When we think about water shortages, droughts and poor water supplies, we usually think about countries like Africa or India.
But in countries like the UK, we are not immune to the problem either. That’s because it’s not all about rainfall and how much water you have underground.
Much of the problem is about populations, usage levels, agriculture and water treatment. As the population of the UK continues to grow pressure will be put on our water supplies. This month (July 2018), with its spell of long, hot, and very dry weather, has brought the issue to a head and caused some in the industry to speak out.
Supplies are flowing but are struggling, hose pipe bans are coming into place – what will it be like in 10 or 20 years’ time? Despite advice and warnings, people continue to water their gardens and wash their cars using treated tap water.
Head of Ofwat Rachael Fletcher told a group of MPs that households should switch to other sources like water butts or recycled bath water for activities like washing cars.
She said (source, Daily Mail): “We do as a sector need to think about transferring water from one region to another. And we have got to shift the frontier in the technology we are using in delivering water supplies.
‘The idea of using treated drinking quality water to water our gardens and wash our cars in the 21st century just doesn’t seem appropriate. As a regulator, it is something we will push the companies to innovate on.”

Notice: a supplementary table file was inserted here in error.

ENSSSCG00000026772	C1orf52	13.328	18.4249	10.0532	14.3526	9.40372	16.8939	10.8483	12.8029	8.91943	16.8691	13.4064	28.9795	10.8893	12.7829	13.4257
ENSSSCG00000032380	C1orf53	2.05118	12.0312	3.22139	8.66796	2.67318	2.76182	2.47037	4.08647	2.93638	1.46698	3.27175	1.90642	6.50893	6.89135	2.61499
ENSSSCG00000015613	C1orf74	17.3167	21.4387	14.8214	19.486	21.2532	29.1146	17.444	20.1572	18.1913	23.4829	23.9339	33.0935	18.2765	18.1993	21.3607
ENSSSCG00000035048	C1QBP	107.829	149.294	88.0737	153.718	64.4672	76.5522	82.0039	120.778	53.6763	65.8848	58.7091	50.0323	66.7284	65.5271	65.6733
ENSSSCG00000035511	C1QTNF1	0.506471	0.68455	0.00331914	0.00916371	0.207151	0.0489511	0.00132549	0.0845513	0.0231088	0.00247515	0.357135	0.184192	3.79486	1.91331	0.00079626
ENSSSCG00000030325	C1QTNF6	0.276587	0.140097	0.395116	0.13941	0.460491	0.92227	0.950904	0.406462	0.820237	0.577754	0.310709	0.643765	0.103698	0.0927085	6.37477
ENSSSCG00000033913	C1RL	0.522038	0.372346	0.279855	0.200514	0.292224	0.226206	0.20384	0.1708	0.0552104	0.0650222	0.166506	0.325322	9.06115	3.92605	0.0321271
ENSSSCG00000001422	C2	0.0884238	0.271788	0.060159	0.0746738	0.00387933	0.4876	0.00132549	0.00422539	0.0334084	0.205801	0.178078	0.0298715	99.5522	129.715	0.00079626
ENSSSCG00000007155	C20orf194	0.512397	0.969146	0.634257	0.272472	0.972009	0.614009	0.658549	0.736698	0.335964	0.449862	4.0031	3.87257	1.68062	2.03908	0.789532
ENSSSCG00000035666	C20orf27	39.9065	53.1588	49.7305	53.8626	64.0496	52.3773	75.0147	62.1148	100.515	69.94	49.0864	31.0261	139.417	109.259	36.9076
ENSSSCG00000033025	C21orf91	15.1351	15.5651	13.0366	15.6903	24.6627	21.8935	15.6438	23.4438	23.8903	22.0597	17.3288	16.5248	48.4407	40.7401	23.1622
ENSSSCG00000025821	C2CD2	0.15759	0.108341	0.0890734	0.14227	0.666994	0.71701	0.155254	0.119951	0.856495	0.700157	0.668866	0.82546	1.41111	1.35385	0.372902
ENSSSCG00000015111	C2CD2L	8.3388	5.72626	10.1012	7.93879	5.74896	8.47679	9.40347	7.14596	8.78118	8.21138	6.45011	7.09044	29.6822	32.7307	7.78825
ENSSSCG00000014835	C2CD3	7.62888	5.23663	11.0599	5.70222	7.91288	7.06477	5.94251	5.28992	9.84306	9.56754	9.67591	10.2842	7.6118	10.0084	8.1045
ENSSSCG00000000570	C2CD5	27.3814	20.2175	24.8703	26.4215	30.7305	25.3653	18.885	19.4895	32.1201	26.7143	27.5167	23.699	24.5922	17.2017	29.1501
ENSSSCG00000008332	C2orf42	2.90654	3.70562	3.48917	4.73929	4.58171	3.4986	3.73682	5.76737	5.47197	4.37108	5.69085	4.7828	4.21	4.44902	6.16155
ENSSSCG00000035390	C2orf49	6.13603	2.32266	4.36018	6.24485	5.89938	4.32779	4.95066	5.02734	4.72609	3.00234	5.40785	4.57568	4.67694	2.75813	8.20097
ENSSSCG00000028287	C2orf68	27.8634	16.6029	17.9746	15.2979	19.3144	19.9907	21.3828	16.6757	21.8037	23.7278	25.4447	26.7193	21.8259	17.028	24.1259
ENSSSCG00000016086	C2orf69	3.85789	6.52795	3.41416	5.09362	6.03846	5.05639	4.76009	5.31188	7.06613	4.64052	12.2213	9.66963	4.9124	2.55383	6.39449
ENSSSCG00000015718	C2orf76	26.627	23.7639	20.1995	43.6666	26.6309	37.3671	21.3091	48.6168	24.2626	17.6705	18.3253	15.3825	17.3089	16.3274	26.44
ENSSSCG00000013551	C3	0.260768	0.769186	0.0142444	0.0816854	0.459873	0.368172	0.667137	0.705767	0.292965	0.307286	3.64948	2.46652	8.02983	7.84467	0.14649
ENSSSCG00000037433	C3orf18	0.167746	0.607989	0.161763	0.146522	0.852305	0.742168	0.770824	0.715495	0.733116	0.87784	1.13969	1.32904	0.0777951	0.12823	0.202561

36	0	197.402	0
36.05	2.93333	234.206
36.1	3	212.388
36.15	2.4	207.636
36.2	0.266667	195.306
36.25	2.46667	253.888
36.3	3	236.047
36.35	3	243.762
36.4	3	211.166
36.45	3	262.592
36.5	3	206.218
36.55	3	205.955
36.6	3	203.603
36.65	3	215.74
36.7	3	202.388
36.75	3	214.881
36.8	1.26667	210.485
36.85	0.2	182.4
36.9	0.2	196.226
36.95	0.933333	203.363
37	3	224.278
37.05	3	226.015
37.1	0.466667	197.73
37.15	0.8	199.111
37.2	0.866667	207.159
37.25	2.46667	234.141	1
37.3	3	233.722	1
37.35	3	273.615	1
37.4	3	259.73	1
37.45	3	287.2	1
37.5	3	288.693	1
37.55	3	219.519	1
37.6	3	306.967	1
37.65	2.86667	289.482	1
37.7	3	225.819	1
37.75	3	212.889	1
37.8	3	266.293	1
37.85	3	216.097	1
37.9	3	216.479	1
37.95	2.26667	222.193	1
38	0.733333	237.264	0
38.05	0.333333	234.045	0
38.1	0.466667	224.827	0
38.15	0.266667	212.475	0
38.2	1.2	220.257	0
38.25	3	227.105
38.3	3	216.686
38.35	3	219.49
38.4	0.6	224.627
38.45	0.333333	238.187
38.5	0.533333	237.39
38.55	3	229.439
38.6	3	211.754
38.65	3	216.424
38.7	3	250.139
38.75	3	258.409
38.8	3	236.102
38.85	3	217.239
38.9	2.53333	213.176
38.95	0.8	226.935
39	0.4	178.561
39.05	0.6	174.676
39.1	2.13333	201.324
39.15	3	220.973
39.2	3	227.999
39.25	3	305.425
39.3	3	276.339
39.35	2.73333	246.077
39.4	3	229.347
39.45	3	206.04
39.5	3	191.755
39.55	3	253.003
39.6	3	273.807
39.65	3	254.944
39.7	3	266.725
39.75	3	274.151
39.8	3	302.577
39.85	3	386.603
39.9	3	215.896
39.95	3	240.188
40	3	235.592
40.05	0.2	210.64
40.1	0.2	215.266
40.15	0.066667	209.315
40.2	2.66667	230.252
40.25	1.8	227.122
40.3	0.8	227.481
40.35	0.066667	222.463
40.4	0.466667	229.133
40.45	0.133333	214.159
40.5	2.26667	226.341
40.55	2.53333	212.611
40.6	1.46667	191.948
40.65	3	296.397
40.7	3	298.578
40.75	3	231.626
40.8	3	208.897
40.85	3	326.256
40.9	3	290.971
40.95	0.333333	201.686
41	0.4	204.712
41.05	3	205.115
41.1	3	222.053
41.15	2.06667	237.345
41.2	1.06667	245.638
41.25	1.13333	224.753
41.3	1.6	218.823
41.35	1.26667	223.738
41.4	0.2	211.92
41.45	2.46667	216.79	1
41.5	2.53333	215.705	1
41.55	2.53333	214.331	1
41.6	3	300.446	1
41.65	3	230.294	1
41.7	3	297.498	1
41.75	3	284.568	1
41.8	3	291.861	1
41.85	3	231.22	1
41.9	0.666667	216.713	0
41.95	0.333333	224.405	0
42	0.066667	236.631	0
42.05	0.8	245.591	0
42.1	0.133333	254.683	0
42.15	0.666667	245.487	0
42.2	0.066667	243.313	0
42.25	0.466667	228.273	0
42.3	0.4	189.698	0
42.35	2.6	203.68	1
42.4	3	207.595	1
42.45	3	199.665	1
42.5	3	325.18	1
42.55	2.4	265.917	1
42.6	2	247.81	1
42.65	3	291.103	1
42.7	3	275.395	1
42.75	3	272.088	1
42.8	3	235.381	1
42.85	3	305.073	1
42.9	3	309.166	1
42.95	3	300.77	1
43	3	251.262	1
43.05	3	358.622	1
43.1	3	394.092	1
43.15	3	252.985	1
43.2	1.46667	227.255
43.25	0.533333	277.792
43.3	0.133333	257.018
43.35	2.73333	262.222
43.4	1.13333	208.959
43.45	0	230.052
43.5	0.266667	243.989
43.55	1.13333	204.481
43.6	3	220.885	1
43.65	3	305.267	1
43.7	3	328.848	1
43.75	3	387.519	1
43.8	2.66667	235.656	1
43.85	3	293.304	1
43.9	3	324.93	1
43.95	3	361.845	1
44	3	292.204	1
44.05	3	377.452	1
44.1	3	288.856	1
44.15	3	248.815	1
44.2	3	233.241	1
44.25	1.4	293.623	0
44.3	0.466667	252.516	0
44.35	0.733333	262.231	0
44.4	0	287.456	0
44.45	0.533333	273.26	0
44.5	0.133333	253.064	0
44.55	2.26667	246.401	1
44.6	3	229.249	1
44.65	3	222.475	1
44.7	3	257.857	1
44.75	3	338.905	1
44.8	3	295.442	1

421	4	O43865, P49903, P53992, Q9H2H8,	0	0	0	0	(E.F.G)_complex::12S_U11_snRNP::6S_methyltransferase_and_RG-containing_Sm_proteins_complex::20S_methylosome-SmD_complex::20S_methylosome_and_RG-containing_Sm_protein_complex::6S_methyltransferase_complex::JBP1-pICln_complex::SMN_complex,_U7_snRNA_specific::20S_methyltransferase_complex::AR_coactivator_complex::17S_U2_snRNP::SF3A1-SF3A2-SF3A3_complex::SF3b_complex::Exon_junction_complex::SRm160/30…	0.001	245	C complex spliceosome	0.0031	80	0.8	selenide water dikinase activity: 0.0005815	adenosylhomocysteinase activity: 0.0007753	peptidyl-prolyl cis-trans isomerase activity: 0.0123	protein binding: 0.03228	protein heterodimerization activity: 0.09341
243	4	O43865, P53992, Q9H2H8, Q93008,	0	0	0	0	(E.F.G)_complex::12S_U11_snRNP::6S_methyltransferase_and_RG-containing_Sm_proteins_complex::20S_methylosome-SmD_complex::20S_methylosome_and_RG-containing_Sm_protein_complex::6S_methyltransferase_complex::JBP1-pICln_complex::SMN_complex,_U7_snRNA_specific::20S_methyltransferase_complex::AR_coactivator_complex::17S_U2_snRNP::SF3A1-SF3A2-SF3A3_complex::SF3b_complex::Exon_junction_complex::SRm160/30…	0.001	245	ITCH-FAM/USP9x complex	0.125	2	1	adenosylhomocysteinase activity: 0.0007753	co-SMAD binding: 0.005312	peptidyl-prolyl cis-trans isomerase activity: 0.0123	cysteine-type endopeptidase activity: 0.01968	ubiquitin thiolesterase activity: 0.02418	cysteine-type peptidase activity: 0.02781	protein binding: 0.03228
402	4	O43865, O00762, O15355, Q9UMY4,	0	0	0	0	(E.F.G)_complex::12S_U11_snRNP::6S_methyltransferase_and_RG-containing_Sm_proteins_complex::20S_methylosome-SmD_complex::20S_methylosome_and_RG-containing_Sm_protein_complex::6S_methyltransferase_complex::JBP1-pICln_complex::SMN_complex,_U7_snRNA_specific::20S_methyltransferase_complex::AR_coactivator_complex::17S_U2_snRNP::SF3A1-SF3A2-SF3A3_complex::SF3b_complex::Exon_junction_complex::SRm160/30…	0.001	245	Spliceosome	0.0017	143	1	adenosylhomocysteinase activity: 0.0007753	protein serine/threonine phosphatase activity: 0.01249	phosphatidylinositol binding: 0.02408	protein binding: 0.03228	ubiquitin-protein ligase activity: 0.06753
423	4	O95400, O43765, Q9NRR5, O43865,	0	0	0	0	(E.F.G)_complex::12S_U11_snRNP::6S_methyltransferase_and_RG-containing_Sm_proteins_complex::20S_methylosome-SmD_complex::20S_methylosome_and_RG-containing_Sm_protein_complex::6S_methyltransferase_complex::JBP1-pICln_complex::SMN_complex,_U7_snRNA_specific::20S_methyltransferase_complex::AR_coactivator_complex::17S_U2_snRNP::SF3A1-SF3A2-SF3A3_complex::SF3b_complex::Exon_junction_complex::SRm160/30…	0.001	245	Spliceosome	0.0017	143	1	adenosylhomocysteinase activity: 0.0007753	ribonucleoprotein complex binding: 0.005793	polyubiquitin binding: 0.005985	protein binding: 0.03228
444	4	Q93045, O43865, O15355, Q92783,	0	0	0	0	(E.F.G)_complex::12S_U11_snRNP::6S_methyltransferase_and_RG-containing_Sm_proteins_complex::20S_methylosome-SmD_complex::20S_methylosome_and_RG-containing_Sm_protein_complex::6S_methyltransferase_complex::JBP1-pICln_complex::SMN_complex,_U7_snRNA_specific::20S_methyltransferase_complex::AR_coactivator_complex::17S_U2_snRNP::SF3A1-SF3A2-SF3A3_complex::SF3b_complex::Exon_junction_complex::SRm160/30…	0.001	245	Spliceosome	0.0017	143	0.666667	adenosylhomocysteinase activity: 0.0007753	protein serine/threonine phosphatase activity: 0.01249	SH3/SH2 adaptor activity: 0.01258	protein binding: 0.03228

Pleasing to hear, because at Aqua21 we have been talking about this issue for several years. We believe that centralised water systems are not fit for 21st century purposes. To treat all water to potable standard and then pump that into homes and businesses when only 2% is typically drunk is hugely wasteful – not only in terms of water, but in terms of power, energy and money.
Much is used for washing up, watering gardens, washing cars, having a bath and outside of the home for irrigating farms, powering machines and much more.
Aqua21’s water treatment technology using ozonation (a chemical free disinfectant) works at point of use. This is a completely different way of supplying water – dealing with the water and treating it where it is. In the future we can see a world where we use water of a certain quality for washing and watering, and only treating water to potable standard when it comes out of our home tap for drinking. It also enables businesses to use waste water and groundwater sources nearest to them and then treat at point of use to the required standard – even biocidal standard if they need it.
Our next blog ‘Is point of water treatment the future for global water supplies?’ explains how point of use technology works and how it could revolutionise global water supplies and offer a more sustainable and environmentally friendly solution.